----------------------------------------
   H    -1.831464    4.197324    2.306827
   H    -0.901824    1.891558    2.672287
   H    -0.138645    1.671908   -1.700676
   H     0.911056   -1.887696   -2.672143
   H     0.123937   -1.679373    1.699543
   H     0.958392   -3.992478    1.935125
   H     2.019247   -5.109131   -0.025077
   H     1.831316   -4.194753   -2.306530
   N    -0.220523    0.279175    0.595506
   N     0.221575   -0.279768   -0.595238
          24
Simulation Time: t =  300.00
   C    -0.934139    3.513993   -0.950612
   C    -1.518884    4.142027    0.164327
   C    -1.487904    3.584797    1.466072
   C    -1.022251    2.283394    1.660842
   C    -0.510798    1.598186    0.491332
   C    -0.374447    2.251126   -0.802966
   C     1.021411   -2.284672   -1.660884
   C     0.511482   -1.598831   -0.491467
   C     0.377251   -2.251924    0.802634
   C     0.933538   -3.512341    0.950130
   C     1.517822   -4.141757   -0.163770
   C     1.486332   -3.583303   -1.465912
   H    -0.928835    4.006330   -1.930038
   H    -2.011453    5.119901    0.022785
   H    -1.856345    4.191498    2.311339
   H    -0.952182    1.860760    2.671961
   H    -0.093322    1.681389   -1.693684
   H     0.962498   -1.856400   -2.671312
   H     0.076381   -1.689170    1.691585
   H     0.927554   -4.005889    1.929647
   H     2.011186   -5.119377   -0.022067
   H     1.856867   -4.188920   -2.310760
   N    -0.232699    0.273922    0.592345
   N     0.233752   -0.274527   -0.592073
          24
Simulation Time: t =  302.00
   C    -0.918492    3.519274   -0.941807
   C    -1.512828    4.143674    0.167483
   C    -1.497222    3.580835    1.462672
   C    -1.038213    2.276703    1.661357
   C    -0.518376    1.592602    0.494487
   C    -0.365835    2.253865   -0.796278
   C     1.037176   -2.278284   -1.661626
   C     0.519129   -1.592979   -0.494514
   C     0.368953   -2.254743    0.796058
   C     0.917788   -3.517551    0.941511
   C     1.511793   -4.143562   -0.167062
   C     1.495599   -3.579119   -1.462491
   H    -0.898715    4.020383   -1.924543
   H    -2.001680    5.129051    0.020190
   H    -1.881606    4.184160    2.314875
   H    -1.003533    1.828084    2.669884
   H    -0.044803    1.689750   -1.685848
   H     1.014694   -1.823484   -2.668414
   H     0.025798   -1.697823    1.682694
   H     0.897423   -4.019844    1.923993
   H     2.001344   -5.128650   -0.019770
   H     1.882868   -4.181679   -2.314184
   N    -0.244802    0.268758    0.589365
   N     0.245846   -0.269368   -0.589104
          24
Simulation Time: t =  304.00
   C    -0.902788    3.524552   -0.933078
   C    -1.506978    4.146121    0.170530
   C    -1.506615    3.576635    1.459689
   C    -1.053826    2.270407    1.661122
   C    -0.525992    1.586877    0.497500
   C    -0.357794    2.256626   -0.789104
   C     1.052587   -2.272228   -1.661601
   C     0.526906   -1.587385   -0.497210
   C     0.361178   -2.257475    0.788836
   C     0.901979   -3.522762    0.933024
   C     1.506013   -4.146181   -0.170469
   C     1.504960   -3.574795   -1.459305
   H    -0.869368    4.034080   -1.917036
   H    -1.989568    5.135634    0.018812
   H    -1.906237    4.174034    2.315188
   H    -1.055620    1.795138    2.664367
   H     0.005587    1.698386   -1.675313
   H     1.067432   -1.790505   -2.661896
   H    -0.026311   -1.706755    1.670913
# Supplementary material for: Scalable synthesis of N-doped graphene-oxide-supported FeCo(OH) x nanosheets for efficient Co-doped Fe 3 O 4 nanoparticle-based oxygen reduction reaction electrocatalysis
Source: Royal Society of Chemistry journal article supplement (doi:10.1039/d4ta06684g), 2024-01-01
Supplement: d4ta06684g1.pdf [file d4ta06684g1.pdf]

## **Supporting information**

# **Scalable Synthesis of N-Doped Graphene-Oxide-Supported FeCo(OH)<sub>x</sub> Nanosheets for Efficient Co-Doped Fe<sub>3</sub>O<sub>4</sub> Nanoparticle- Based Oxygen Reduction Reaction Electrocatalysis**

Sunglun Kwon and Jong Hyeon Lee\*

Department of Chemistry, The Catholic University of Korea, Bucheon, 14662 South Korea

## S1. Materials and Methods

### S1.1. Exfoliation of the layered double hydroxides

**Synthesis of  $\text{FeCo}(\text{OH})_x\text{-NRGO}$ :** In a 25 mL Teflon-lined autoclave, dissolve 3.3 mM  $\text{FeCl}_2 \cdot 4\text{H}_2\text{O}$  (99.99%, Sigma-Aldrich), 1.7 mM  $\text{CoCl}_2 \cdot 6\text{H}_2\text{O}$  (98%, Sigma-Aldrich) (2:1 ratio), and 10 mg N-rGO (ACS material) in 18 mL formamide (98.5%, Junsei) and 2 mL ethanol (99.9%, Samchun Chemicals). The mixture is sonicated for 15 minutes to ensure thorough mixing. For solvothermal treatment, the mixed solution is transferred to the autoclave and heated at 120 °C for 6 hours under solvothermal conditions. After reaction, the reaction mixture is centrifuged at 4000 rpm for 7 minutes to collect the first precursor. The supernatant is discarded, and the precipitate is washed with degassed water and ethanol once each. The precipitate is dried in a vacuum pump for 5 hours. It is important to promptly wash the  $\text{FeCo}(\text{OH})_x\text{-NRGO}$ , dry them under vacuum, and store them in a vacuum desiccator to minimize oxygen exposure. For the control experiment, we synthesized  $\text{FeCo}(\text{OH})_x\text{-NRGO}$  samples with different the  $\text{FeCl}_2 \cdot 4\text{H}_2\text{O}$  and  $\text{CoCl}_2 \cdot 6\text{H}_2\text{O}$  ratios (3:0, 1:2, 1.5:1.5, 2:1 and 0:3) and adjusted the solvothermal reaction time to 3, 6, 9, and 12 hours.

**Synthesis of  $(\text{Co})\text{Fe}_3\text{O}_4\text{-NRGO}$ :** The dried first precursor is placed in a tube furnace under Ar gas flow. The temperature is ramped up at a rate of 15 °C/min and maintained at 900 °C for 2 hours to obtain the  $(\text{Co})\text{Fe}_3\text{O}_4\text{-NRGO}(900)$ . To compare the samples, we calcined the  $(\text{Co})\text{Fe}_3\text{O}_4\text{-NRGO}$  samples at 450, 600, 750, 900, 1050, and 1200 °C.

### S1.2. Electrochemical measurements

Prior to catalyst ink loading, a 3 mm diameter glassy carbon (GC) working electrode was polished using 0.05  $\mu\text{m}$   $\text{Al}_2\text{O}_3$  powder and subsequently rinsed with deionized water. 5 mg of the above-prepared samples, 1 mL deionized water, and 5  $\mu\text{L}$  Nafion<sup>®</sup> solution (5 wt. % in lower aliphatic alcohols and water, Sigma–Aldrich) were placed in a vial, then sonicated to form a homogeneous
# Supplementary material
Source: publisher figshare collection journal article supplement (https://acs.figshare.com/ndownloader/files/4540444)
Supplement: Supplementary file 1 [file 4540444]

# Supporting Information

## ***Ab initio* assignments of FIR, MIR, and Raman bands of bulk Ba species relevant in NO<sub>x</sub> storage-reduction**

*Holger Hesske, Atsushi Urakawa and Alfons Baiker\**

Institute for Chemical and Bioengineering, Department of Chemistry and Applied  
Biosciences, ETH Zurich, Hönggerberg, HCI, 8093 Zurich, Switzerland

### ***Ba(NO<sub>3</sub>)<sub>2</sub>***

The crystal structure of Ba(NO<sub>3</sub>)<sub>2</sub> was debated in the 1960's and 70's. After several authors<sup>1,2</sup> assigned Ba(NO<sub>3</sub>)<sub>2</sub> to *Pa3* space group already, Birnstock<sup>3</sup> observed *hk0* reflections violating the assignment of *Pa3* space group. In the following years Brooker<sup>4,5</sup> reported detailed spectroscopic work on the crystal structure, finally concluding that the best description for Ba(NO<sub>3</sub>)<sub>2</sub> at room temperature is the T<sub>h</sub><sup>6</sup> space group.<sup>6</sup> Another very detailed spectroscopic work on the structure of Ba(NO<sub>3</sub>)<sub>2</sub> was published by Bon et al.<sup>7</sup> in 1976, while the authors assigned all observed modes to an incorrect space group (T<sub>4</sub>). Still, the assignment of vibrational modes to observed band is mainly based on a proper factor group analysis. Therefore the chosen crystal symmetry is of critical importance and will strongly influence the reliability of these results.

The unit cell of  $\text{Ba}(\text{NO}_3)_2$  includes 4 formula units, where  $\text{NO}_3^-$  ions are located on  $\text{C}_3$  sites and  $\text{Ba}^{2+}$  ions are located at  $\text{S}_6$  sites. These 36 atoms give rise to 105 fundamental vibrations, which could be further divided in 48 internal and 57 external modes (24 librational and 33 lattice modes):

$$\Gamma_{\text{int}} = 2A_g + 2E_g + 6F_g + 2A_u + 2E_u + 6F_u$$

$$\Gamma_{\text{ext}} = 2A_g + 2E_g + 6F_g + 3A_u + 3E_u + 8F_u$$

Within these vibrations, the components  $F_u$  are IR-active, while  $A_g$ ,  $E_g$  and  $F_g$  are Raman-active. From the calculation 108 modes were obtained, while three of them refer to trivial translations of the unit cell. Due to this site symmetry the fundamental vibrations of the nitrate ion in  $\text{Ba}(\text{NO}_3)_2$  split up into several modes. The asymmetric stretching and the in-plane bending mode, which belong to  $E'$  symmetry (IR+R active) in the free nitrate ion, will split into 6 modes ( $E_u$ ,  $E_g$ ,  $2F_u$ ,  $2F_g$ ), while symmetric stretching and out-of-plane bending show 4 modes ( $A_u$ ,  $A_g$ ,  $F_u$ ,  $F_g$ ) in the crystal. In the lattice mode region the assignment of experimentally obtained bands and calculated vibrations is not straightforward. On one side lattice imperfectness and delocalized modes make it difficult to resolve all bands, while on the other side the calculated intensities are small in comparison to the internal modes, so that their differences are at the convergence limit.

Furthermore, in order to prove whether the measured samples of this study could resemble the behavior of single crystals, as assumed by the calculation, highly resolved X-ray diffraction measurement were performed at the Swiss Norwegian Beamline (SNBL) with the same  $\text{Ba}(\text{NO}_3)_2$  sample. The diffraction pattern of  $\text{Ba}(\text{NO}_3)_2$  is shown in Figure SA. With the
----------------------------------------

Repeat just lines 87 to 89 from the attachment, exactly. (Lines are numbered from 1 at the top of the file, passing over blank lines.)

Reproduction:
## **Supporting information**

# **Scalable Synthesis of N-Doped Graphene-Oxide-Supported FeCo(OH)<sub>x</sub> Nanosheets for Efficient Co-Doped Fe<sub>3</sub>O<sub>4</sub> Nanoparticle- Based Oxygen Reduction Reaction Electrocatalysis**

Sunglun Kwon and Jong Hyeon Lee\*